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Maj. Jed. Hotchkiss, Confederate Military History, a library of Confederate States Military History: Volume 3, Virginia (ed. Clement Anselm Evans) 12 0 Browse Search
Robert Lewis Dabney, Life and Commands of Lieutenand- General Thomas J. Jackson 6 0 Browse Search
Philip Henry Sheridan, Personal Memoirs of P. H. Sheridan, General, United States Army . 6 0 Browse Search
George H. Gordon, From Brook Farm to Cedar Mountain 2 0 Browse Search
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Robert Lewis Dabney, Life and Commands of Lieutenand- General Thomas J. Jackson, Chapter 13: Port Republic. (search)
al George Stewart, and associated with the Maryland line. The position chosen for meeting Fremont was a continuous ridge, a little south of the point where the Keezletown road crosses that from Harrisonburg to Port Republic. This range of hills crosses the latter highway obliquely, in such manner that General Ewell's left, occupying it, was much advanced beyond his right, and rested, at its extremity, very near the prolongation of the Keezletown road, toward the west. The hills are elevated, but occupied by arable fields. In front runs an insignificant rivulet, while the rear and flanks of the position are covered by woods of noble oaks, penetrable evack to the ground occupied by them before the beginning of the action. The enemy then developed a strong movement toward General Ewell's left, for which the Keezletown road, proceeding westward from Cross Keys, provided such facilities. This advantage, with the superior numbers of the opposing army, manifestly suggested the f
aring in rear of the Confederates vanished as they passed beyond New Market. Some six miles south of this place Early left the Valley Pike and took the road to Keezletown, a move due in a measure to Powell's march by way of Timberville toward Lacy's Springs, but mainly caused by the fact that the Keezletown road ran immediately aKeezletown road ran immediately along the base of Peaked Mountain — a rugged ridge affording protection to Early's right flank-and led in a direction facilitating his junction with Kershaw, who had been ordered back to him from Culpeper the day after the battle of the Opequon. The chase was kept up on the Keezeltown road till darkness overtook us, when my weary reached Harrisonburg they went into camp, Powell in the meanwhile pushing on to Mt. Crawford, and Crook taking up a position in our rear at the junction of the Keezletown road and the Valley pike. Late in the afternoon Torbert's cavalry came in from New Market arriving at that place many hours later than it had been expected.
George H. Gordon, From Brook Farm to Cedar Mountain, Chapter 5: return to Strasburg (continued)—Banks's flight to WinchesterBattle of Winchester. (search)
g of the eighteenth of May General Jackson was at Mount Crawford, Battle-fields of the South (Ashton's Letter), p. 324. eight miles from Harrisonburg on the Staunton pike. He then knew that Banks had fallen back to Strasburg: we had been there since the 13th. At Mossy Creek, Ewell conferred in person with Jackson. Then and there a vigorous campaign against Banks was planned. One of Ewell's brigades, the largest of his command (Taylor's), was to march from Elk Run Valley, by way of Keezletown, and unite with Jackson in the valley turnpike, a few miles south of New Market, while the remainder of his command followed the South Fork of the Shenandoah to Luray. On the afternoon of the 18th Ewell returned to direct the course of his troops.3 It was then from New Market that Jackson's campaign against Banks commenced; from this point that a united Major-General Ewell was left with his division and a regiment of cavalry in observation on the upper Rappahannock. General Jackso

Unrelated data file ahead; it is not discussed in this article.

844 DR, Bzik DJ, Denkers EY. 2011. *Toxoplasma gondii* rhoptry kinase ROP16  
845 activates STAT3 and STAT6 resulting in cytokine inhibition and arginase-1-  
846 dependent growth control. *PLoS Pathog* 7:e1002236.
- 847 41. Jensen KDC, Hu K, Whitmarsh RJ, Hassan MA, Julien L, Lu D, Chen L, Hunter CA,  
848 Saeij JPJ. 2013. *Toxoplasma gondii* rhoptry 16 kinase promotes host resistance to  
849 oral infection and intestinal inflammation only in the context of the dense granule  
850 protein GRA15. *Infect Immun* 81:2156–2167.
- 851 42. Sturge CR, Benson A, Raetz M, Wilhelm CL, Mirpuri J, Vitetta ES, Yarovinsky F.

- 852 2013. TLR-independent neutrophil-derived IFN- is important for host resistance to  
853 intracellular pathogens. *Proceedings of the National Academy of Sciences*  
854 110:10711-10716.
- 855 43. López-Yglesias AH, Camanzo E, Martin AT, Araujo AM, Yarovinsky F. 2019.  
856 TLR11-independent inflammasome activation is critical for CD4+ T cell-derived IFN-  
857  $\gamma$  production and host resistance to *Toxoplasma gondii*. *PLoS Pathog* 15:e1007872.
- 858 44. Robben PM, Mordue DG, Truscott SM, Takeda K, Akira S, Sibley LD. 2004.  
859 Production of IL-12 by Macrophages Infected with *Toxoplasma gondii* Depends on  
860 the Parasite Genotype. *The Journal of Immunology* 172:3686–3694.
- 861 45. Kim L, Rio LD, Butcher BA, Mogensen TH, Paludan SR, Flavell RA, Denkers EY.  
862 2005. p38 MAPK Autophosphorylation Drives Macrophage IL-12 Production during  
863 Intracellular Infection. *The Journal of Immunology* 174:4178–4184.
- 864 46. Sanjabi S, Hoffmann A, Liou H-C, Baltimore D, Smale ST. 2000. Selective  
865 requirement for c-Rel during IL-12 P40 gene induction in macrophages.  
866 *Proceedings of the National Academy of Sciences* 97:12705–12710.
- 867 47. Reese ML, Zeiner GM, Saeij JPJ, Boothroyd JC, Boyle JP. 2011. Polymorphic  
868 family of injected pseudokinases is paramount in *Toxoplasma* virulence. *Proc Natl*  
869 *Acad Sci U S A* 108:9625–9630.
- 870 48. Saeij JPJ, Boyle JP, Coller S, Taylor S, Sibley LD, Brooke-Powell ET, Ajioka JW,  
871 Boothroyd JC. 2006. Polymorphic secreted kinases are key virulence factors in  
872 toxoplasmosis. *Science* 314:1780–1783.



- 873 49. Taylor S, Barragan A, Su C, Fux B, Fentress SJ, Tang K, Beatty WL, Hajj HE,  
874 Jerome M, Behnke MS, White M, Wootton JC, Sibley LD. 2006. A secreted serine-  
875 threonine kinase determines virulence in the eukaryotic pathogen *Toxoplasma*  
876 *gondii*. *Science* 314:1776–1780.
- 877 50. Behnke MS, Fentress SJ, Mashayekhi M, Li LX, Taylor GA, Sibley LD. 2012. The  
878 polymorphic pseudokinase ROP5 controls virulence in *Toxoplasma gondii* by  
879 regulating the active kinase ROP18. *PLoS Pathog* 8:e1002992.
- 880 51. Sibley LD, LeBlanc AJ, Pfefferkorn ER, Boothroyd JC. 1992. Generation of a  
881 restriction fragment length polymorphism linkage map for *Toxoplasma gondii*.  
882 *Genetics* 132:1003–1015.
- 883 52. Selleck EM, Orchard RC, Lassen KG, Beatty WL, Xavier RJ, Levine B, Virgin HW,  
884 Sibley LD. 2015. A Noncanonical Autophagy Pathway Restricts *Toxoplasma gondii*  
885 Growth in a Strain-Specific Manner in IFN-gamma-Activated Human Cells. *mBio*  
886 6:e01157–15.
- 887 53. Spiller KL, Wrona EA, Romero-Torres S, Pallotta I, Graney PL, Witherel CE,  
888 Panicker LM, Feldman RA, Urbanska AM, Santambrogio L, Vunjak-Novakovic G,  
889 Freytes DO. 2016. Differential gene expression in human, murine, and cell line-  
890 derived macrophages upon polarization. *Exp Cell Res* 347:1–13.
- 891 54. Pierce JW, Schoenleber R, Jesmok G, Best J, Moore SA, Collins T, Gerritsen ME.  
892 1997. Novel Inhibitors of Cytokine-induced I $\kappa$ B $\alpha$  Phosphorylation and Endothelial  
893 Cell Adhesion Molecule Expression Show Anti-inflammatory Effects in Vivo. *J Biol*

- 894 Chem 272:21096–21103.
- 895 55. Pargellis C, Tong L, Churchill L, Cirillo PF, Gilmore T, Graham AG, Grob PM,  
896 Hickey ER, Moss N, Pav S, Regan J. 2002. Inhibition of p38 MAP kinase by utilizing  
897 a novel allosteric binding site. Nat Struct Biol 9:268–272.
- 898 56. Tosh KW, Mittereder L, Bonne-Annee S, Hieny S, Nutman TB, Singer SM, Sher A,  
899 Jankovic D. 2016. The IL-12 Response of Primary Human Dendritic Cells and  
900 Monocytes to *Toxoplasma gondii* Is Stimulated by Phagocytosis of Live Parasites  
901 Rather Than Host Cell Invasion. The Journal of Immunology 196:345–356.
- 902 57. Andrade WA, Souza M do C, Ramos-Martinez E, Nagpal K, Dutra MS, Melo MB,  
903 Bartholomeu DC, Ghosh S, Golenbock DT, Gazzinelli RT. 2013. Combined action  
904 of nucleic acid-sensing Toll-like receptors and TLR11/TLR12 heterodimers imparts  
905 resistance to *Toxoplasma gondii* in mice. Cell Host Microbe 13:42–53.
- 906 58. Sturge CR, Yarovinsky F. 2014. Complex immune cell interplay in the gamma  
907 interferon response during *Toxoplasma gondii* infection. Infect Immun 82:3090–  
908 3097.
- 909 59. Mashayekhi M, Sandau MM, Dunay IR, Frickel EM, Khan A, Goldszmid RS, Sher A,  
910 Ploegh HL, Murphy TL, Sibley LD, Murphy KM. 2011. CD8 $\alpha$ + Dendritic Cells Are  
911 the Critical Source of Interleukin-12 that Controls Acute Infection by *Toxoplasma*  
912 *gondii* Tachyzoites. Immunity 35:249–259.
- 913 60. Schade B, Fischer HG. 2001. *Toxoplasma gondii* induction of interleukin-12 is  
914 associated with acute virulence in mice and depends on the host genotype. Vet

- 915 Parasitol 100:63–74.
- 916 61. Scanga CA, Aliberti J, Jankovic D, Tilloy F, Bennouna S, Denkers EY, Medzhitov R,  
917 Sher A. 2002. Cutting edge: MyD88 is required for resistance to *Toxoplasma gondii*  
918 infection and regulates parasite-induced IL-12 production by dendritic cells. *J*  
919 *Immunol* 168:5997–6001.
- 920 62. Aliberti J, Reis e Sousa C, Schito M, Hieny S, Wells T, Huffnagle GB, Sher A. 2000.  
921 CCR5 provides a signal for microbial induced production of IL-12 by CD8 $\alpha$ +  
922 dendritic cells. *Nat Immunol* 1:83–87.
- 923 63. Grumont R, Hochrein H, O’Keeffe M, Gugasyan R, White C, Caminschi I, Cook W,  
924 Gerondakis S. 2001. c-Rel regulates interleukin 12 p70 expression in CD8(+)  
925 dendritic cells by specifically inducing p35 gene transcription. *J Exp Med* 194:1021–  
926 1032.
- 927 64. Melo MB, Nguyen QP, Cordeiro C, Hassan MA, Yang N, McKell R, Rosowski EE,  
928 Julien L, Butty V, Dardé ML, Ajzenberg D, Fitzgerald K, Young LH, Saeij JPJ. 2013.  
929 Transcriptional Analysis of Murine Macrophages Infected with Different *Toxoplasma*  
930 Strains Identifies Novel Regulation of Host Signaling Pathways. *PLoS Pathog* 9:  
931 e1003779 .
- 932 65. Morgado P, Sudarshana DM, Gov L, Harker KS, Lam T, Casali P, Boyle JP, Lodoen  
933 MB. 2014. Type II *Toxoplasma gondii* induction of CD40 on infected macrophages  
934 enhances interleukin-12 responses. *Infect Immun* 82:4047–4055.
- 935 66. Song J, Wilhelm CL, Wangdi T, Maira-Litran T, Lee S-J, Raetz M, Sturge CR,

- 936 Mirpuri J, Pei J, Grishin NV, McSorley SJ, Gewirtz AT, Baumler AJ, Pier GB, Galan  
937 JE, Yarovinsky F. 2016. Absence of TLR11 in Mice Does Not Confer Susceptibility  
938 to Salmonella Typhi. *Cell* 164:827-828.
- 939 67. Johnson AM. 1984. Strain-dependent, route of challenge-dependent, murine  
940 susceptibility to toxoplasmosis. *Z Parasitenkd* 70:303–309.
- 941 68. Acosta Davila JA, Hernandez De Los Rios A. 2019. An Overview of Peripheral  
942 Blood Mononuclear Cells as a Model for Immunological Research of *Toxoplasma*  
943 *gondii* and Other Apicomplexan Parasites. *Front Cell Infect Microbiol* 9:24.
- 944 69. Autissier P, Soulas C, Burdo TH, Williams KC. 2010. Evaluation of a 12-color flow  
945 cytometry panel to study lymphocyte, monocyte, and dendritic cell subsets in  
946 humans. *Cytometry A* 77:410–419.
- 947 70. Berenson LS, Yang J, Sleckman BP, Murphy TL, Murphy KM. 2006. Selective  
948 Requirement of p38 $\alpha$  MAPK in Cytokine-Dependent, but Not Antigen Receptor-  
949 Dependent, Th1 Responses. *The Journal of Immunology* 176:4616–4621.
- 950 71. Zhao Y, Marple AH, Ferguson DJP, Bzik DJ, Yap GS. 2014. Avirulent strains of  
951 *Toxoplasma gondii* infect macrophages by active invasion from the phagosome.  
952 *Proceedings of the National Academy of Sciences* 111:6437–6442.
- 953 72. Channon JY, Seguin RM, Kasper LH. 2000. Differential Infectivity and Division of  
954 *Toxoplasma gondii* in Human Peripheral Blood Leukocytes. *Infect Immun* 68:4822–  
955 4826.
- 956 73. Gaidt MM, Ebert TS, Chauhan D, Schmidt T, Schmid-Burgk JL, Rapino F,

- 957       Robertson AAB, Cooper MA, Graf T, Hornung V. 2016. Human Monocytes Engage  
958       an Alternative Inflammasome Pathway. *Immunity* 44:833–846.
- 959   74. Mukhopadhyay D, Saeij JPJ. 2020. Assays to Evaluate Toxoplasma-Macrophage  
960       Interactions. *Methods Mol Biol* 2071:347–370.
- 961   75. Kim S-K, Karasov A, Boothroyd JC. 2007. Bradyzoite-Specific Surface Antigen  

on on opposite sides of the road, on rising ground behind a creek that ran along his front, and with his flanks extending into forests on either side, placing batteries in the road in his center, which swept the open country between him and the Keezletown road, which ran nearly parallel to his line of battle, and along which Fremont deployed his five brigades of infantry, a regiment of cavalry and several batteries. Another brigade followed his trains as rear guard. Bayard's cavalry, left as as left. This disposition made and reinforced with two Virginia regiments of Elzey's brigade, under Col. James A. Walker, on his right, he pressed forward and drove Blenker, of Fremont's left, from his position, and forced him to retreat to the Keezletown road, Walker advancing still further on the right and by his desperate courage adding to the success of Trimble's movement. During this time Fremont advanced Milroy against the Confederate center, and a fierce artillery duel followed, but with
e, with most of his command, and encamping that night near North river, while the remainder of his infantry, taking the Keezletown road at Mt. Sidney, encamped on the south bank of the same North river at Rockland mills. The cavalry followed the bacroad parallel to and on the left of the infantry advance. On the 29th, a long march was made, through Harrisonburg and Keezletown, to Sparta, where the command was reunited and encamped. The troops, animated by the familiar scenes of the Shenandothe afternoon, which he held until after dark, when, leaving Jackson's cavalry on picket, he followed his trains by the Keezletown road, Ramseur in front, five miles to Flook's, where he arrived and went into camp about midnight. The Federals pursuearched to the vicinity of Harrisonburg; three of the divisions encamping beyond that town. Lomax's cavalry went by the Keezletown road to Peale's, while Rosser, with Fitz Lee's division, took the back road and fell on the enemy's rear at Brock's gap